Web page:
Thanks S, I think, but - and call me stupid here if you must - I’d dared to think that I was already dealing with the Broadband Support Team, because all my emails had been addressed to broadbandsupport@upc.ie.
Silly me.
Anyway, that was May 8th, and then I head nothing. Nada. Zilch and diddly squat. I started to come over all agitato jubilato. This was no longer about the Snapper’s email account, which doubtless had by now been deactivated through lack of use.
Now it had become personal. We’ve paid a tidy amount to Chorus/NTL/UPC over the years, and this is the first time we’ve ever asked for help, yet after 2 months all we’ve been given is a rake of reference numbers and emails telling us how much they value our custom and we’ll hear from them in two days.
When I decide to write about a person or a corporation, I feel it only fair to let them know, especially if it’s part of an existing problem, so on June 3rd, I sent off an email referencing all my reference numbers, saying how I was intending to write about this process, and in the meantime, what was going on with my query?
Obviously, the first thing I got was another pesky automated response, assigning me another bloomin’ unique tracking number
“Our aim is to contact you within 2 working days.”
Which unique tracking number was I now? 452724? 480639? 461272?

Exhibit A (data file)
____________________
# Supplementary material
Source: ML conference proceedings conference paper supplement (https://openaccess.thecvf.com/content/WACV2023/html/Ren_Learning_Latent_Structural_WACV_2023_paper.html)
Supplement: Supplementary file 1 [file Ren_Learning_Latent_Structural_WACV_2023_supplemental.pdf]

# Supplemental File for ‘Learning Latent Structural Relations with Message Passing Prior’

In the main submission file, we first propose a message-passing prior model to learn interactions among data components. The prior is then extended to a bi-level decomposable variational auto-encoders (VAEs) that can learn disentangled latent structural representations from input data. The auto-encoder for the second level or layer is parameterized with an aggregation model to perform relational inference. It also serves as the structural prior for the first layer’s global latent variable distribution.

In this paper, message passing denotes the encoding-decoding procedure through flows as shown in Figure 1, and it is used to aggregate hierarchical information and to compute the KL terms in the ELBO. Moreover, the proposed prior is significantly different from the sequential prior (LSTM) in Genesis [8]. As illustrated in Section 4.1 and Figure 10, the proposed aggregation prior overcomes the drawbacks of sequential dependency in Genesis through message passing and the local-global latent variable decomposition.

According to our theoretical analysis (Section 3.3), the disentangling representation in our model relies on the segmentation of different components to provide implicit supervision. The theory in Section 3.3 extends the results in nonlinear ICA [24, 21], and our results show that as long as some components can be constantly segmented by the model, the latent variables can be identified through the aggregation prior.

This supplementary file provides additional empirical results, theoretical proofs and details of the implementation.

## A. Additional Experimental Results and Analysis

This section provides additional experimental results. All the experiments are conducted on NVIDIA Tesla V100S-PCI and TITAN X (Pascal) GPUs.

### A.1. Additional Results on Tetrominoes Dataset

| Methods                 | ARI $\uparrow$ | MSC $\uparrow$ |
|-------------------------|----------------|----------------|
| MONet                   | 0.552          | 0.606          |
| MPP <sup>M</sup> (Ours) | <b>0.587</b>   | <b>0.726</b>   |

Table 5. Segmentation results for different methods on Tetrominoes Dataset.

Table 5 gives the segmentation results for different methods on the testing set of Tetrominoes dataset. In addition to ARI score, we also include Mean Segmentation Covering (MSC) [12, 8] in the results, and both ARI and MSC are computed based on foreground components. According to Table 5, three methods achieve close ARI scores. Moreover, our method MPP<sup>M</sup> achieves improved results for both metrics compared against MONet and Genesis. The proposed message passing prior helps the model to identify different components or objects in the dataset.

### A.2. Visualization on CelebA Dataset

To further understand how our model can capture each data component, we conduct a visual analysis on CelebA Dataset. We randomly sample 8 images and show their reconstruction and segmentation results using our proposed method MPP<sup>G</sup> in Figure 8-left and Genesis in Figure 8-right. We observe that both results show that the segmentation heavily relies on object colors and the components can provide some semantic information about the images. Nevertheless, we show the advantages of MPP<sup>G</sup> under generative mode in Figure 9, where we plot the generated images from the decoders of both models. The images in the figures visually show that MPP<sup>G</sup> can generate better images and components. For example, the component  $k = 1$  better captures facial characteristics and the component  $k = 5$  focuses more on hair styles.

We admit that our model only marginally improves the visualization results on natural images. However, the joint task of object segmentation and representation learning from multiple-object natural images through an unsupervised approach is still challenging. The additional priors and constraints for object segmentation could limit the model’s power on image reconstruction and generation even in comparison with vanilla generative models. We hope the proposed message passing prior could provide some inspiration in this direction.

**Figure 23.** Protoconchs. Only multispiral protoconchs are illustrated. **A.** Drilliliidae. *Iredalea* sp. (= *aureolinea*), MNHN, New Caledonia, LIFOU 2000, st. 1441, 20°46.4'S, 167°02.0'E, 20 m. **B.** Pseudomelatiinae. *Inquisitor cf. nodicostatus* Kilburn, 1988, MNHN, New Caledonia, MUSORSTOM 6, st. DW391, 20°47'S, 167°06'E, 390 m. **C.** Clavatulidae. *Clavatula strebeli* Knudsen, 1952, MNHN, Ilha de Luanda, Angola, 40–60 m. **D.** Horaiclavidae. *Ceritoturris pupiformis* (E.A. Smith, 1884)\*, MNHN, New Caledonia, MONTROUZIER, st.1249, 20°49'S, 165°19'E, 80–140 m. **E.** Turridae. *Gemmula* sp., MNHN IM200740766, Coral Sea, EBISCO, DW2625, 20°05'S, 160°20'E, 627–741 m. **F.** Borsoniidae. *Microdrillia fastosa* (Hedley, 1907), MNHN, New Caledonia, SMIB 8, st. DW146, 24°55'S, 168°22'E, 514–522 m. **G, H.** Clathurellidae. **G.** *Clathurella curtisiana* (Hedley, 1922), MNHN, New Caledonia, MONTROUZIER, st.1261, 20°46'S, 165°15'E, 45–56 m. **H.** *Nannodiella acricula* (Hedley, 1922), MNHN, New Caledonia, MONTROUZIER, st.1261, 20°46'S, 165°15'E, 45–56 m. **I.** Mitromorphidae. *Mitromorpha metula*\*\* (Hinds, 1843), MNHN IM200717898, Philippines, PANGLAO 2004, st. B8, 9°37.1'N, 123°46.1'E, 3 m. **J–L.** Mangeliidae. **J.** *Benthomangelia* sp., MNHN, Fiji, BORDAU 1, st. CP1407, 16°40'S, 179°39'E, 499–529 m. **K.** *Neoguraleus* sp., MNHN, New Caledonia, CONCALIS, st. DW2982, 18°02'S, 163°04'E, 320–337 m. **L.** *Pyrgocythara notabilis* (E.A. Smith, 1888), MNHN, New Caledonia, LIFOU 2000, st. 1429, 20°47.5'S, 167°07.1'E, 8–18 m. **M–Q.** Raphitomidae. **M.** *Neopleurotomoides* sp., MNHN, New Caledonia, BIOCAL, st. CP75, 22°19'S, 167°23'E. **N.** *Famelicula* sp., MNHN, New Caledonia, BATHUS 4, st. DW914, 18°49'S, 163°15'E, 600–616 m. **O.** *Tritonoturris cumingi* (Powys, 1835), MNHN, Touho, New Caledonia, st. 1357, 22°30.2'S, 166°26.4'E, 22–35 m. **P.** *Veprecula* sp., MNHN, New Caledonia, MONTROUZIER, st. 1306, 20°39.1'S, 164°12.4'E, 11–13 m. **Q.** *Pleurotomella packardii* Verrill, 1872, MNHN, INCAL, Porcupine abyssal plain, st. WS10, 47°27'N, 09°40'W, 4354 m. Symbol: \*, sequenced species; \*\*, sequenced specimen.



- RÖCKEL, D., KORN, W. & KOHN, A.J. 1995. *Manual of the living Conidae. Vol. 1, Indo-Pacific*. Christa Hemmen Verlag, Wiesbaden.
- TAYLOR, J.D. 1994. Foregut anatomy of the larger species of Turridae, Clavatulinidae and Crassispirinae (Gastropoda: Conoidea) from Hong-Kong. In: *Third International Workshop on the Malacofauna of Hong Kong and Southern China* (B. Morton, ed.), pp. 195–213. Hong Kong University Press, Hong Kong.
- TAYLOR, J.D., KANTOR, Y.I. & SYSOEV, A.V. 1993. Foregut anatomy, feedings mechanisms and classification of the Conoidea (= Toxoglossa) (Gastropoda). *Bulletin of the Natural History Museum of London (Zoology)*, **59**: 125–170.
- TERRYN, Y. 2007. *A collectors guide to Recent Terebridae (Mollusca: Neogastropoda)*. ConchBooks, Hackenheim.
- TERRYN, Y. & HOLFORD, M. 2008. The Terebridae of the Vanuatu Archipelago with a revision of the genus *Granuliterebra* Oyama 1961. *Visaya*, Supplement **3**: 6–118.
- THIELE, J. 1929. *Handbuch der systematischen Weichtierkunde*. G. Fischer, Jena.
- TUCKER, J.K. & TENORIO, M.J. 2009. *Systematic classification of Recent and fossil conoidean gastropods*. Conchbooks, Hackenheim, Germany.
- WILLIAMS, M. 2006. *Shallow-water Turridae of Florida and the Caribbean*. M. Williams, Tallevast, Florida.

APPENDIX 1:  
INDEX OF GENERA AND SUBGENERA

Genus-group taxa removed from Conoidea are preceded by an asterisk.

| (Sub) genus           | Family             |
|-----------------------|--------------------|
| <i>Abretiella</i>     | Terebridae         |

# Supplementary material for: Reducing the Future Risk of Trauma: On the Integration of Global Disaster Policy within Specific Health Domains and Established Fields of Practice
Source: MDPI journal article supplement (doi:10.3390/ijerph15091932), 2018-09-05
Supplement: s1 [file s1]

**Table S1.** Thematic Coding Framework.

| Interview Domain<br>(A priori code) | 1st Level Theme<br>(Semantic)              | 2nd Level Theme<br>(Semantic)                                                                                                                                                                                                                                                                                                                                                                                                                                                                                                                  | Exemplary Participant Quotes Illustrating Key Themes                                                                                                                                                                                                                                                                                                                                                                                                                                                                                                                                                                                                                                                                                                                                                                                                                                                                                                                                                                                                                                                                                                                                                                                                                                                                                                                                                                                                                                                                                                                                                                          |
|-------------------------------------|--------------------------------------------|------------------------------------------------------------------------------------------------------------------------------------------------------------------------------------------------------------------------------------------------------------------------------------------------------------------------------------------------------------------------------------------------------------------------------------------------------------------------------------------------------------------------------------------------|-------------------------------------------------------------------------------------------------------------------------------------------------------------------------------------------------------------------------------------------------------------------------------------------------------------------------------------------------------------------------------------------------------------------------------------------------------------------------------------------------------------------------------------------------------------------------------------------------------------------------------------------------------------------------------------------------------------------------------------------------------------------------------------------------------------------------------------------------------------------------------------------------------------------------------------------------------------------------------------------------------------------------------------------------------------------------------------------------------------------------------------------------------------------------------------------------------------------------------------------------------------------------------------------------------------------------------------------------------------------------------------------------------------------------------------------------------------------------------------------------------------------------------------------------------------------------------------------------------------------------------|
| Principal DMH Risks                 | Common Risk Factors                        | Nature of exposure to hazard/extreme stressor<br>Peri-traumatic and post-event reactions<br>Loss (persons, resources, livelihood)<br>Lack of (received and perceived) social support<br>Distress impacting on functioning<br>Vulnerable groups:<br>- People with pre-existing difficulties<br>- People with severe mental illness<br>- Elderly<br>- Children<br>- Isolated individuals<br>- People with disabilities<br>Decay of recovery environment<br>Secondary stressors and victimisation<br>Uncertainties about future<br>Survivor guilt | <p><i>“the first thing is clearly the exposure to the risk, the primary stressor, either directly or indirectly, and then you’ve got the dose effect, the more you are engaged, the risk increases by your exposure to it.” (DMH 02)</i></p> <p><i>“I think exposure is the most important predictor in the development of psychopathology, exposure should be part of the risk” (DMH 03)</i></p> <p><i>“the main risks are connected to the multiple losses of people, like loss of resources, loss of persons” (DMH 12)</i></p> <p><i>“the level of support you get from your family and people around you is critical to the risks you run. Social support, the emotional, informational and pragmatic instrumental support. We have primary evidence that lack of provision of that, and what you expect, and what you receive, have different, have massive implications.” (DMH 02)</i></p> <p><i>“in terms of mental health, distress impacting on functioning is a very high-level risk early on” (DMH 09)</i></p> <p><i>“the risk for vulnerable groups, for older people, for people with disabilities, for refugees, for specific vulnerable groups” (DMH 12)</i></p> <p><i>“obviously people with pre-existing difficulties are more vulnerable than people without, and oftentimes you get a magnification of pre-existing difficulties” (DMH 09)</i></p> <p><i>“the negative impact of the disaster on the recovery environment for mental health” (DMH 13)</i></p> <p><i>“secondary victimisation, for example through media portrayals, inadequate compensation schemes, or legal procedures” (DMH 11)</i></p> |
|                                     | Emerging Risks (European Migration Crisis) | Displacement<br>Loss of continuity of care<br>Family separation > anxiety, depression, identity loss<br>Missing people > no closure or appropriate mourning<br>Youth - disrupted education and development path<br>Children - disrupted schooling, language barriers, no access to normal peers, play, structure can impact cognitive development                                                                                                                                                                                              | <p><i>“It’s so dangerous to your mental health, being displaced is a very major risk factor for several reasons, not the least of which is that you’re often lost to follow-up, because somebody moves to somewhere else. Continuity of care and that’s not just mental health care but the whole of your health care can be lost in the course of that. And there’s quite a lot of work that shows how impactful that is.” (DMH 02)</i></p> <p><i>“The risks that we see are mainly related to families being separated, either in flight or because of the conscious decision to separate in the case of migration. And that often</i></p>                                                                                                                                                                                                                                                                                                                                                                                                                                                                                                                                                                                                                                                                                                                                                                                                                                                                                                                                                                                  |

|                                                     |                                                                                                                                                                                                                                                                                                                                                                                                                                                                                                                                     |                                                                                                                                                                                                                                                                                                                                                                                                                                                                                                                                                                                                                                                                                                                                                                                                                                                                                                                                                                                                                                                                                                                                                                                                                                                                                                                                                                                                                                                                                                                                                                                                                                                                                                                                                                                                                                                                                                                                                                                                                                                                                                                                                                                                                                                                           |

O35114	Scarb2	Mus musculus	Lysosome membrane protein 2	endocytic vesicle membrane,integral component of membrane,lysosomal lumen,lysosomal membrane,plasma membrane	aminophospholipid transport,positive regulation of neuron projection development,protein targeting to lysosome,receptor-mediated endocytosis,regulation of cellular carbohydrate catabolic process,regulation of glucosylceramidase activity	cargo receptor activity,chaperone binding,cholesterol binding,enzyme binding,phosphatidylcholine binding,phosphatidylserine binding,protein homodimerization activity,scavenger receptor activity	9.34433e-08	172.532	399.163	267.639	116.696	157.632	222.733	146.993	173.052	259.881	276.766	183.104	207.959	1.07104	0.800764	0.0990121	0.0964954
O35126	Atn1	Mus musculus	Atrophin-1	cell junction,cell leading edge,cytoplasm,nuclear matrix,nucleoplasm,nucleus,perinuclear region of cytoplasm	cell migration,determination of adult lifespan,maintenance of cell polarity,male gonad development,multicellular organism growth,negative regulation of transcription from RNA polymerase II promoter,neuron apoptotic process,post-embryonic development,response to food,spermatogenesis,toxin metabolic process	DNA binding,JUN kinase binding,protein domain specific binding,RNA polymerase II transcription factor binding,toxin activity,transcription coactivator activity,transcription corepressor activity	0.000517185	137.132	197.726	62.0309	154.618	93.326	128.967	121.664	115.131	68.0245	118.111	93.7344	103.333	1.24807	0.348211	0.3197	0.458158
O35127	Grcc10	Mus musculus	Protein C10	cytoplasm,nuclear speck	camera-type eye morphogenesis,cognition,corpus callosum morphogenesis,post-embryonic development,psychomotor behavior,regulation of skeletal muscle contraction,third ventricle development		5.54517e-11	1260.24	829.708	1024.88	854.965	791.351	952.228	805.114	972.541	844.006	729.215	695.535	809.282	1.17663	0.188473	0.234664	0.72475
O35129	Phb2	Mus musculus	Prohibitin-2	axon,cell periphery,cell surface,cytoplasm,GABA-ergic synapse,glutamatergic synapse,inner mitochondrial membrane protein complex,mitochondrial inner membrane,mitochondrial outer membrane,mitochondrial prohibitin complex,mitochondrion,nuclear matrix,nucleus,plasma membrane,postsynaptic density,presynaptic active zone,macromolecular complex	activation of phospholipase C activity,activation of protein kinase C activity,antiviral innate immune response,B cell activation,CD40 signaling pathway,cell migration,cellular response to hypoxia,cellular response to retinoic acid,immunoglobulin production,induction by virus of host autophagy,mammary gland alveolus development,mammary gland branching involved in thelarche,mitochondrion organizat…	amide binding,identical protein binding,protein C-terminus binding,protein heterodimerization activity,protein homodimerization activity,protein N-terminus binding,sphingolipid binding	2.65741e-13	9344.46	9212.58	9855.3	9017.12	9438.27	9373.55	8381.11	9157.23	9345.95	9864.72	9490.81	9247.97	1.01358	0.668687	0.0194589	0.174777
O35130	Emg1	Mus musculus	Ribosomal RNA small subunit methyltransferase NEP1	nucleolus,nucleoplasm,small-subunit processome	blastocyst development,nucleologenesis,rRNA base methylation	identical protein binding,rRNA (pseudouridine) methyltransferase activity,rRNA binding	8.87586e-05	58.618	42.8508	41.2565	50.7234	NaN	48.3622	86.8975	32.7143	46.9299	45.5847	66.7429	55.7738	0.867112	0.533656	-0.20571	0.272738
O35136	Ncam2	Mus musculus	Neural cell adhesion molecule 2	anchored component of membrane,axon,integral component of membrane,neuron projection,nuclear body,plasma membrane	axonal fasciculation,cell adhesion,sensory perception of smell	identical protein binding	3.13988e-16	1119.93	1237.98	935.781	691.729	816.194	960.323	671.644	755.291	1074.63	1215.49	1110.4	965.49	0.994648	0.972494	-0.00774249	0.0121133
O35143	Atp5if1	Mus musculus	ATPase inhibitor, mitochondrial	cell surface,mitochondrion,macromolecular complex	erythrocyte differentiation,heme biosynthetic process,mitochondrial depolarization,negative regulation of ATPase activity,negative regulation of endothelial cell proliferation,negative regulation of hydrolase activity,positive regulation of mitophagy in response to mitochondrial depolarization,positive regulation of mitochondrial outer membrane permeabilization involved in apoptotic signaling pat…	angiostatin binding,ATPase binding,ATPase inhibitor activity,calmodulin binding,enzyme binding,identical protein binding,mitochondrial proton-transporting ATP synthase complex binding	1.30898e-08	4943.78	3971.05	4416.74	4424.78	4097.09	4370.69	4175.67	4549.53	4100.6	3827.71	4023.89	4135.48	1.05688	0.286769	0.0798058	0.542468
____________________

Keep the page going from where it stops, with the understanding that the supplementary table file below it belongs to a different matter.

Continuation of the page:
The following Saturday morning, my mobile phone rings, and it’s you, B from UPC, and you’re very upset about all my troubles. You are delightful, telling me you don’t really understand computers yourself, but if we set up a time to call, you could patch me though to the technical support team, without me having to wait.
‘Splendid! Fantastic! Are you really calling me on a Saturday? Wow! Lets make it Monday at 11:00. Is that okay? Great, Monday it is then.’
Within minutes I receive your email, B, confirming our arrangement that you will call me on Monday at 11. I send you one back to thank you and yes, get another automated response and another unique tracking number.
If UPC Support is a lottery, I’ve got so many numbers in it, I must be a winner soon!
On Monday I rush around before 11 o’clock, at which time I am to be found sitting at my computer, mobile phone charged and ready to take your call. I sit and wait. And wait and wait and wait, but no call comes.
My heart sinks. I wanted to sort my wife’s email, and then, very importantly, I wanted to ask you, B, why our newly-installed NTL/UPC/Chorus Digital TV box keeps turning itself off, for hours on end? I wanted to ask you why it came fitted with a two-pin plug? Do we live in Greece? Is it even legal to sell a two-pin plug on appliances this country? More to the point, with the inbuilt protector on modern 3-pin sockets, extracting two-pin plugs is tricky at best, but we have to keep doing it to reboot the bloomin’ Digi-tv-box. It feels unsafe.
But B, you didn’t call.